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January 07, 2020

Clay Sustala Discusses The Future Of Medical Technology



Medical technology's newfound advancements continue to create strides in the industry that were long considered impossible or much further away in time. Already, there are miniature-sized ultrasound devices, capable of fitting into your pocket and connecting to your phone, which cost significantly less than the machines commonly found in hospitals. Virtual reality is accelerating healing for patients in rehab, and artificial intelligence is identifying lung tumors better than medical experts.



Despite all of these advancements, there is still much more to come in the form of inventions and concepts that will change the field of medicine. Clay Sustala, a medical sales professional who currently works for Majors Medical Service in Fort Worth, Texas, presents some of the brilliant, fascinating ideas that are certain to shape medicine.

Medical Supplies Delivered Via Drone

Back in March of 2019, UPS began conducting a trial program referred to as Flight Forward, experimenting autonomous drone deliveries of crucial medical samples such as blood or tissue. Two branches of a hospital situated 150 yards apart in Raleigh, North Carolina, served as the test location.

Succeeding in its mission, the company was awarded approval from the FAA to expand to 20 hospitals around the United States through the following two years. UPS envisions Flight Forward becoming a notable part of the company's future, with deliveries of urine, blood and tissue samples, and medical essentials like drugs and transfusable blood being the primary supplies transferred.

Air deliveries are also being tested by Wing, a division of Google (News - Alert)'s parent company Alphabet. Having earned similar, albeit limited, FAA approval, the company is now allowed to perform deliveries for both Walgreens and FedEx via drone.

Additionally, Clay Sustala notes that drones operated by Silicon Valley startup Zipline, are currently delivering medical supplies to rural villages in Ghana and Rwanda where access was otherwise extremely difficult.

Decisive Data

Our planet holds over 7.5 billion humans, millions of whom meticulously track their health with devices such as smart watches and blood-pressure monitors. Amassing all of this data from even a few million people, and forming it into an anonymous, searchable resource, would give medical professionals an effective tool for drug development, and lifestyle studies.

Evidation, a Big Data firm based in California, is developing a tool of this caliber, utilizing information from three million volunteers who are sharing trillions of data points with the company. Working in unison with drug manufacturers such as Sanofi and Eli Lilly to analyze this data, Evidation's efforts have sparked numerous peer-reviewed studies on subjects ranging from sleep and diet to cognitive-health patterns.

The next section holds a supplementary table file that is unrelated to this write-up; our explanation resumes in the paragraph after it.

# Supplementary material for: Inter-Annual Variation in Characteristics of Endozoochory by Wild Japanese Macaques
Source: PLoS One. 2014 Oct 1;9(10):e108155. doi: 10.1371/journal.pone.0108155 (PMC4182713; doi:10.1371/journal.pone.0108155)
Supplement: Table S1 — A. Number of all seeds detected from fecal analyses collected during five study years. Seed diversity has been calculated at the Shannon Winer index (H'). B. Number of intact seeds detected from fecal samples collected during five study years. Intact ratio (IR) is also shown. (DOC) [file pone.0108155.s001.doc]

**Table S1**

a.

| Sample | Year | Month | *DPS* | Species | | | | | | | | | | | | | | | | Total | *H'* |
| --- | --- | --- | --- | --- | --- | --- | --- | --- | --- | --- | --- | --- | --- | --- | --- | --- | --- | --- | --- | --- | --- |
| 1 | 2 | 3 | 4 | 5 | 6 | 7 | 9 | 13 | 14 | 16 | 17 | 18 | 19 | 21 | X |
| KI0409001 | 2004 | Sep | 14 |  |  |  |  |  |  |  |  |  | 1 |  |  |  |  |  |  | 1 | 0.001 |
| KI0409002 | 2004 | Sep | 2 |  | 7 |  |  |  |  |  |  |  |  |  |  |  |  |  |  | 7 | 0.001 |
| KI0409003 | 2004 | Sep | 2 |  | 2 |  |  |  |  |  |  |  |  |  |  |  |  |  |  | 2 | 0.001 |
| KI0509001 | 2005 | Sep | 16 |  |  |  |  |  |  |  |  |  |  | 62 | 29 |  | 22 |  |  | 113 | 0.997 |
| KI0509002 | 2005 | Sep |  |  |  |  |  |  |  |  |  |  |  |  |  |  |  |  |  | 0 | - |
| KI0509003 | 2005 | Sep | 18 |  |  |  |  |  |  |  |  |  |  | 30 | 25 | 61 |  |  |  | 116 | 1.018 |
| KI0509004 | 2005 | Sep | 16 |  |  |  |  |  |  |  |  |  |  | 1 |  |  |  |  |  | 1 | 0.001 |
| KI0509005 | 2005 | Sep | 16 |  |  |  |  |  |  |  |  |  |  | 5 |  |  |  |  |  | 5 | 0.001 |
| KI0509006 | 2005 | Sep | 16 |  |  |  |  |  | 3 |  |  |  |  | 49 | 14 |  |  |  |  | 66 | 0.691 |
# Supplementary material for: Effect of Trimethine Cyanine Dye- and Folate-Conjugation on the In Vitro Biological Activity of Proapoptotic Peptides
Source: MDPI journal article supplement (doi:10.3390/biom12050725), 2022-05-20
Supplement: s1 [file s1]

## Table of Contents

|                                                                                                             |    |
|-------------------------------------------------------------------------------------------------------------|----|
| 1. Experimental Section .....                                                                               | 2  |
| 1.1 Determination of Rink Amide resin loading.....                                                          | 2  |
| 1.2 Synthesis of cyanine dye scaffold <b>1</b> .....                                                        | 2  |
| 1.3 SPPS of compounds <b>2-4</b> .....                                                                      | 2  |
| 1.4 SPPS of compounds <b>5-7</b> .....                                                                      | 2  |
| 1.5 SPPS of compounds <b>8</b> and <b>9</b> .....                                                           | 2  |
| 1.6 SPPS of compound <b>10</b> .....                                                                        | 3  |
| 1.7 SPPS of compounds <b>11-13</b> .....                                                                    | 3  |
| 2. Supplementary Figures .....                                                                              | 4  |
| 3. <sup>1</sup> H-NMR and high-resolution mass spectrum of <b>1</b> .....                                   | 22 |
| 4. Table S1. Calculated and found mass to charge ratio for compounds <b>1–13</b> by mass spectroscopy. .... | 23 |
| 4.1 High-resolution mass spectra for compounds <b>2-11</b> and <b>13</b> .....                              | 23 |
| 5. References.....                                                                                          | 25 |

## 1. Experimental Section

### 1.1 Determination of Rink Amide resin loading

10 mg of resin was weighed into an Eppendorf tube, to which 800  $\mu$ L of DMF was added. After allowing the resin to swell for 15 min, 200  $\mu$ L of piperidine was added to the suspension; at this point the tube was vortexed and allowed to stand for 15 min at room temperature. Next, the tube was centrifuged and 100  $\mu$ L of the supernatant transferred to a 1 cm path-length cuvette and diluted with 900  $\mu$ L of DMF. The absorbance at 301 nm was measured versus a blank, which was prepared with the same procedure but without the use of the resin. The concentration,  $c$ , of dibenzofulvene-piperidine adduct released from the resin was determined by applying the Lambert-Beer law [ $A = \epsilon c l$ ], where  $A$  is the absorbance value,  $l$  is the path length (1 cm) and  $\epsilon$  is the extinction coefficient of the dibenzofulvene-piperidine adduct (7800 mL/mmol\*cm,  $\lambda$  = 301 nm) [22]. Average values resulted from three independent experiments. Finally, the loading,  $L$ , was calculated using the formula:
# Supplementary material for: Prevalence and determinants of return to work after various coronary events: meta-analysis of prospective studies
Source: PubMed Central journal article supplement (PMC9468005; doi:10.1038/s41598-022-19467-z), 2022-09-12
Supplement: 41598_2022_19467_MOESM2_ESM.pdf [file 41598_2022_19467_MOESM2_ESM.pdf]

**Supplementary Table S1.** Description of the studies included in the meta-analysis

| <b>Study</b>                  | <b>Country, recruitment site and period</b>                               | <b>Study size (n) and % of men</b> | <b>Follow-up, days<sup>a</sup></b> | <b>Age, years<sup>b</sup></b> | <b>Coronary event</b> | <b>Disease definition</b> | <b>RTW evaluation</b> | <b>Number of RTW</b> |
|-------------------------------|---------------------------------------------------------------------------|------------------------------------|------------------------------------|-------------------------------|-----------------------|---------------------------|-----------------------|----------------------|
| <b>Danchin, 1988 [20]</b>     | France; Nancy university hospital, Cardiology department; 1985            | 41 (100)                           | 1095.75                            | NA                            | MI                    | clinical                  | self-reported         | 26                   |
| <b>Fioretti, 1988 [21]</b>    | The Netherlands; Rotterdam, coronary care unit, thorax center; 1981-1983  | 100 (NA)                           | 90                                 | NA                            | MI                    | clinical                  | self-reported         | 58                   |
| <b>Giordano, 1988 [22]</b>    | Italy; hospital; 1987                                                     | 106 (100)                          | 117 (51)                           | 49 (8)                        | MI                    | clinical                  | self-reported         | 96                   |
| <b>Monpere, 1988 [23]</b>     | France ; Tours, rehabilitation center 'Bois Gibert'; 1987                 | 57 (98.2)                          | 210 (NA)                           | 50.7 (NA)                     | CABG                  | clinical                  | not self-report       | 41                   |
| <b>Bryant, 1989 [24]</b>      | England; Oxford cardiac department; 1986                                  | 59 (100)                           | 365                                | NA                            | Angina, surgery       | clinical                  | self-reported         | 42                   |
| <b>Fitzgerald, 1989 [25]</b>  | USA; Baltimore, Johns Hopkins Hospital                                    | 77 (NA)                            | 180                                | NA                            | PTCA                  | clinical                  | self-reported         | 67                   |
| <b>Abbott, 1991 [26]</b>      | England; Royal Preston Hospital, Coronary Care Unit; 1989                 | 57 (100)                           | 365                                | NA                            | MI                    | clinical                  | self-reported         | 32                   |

Clay Sustala notes that one particular ongoing project by Evidation is looking to determine if technology can accurately measure chronic pain, as the company is partnering with Brigham and Women's Hospital to hopefully find a definitive solution for finding how chronic pain occurs and how to treat it.

Stem-Cell Cure For Diabetes

Type 1 diabetes affects 1.25 million Americans and treatment can obligate patients to a lifetime of conscientious eating, insulin injections and multiple daily blood-glucose examinations.

Harvard biologist Doug Melton is approaching the matter differently, using stem cells to create replacement beta cells that produce insulin. Although he commenced the work more than ten years ago, it wasn't until 2014 that he co-founded Semma Therapeutics – named after his children, Sam and Emma, who both suffer from Type 1 diabetes – to develop the technology.

Acquired by Vertex (News - Alert) Pharmaceuticals for $950 million dollars this past summer, the company has created a small device that holds millions of replacement beta cells and is capable of being implanted. It's designed to let glucose and insulin through, while keeping immune cells out.

“If it works in people as well as it does in animals, it’s possible that people will not be diabetic,” Melton says. “They will eat and drink and play like those of us who are not.”

A Mind-Reading Wristband

A CTRL-kit is a device strapped onto the wrist, detecting the electrical impulses that travel from the motor neurons down the arm muscles and reach the hand almost as quickly as a person thinks about a specific movement.

“I want machines to do what we want them to do, and I want us to not be enslaved by the machines,” says Thomas Reardon, CEO and co-founder of CTRL-Labs, the device maker.

A neuroscientist who once drove the development of Microsoft (News - Alert)'s Internet Explorer, Reardon views it as an opportunity for people to regain the control that was lost in the smartphone era.

Clay Sustala believes that the device, if implemented properly into the medical field, has amazing potential: new forms of rehabilitation and access can be introduced for patients recovering from a stroke or amputation, as well as individuals with Parkinson's disease, multiple sclerosis and other neurodegenerative conditions.



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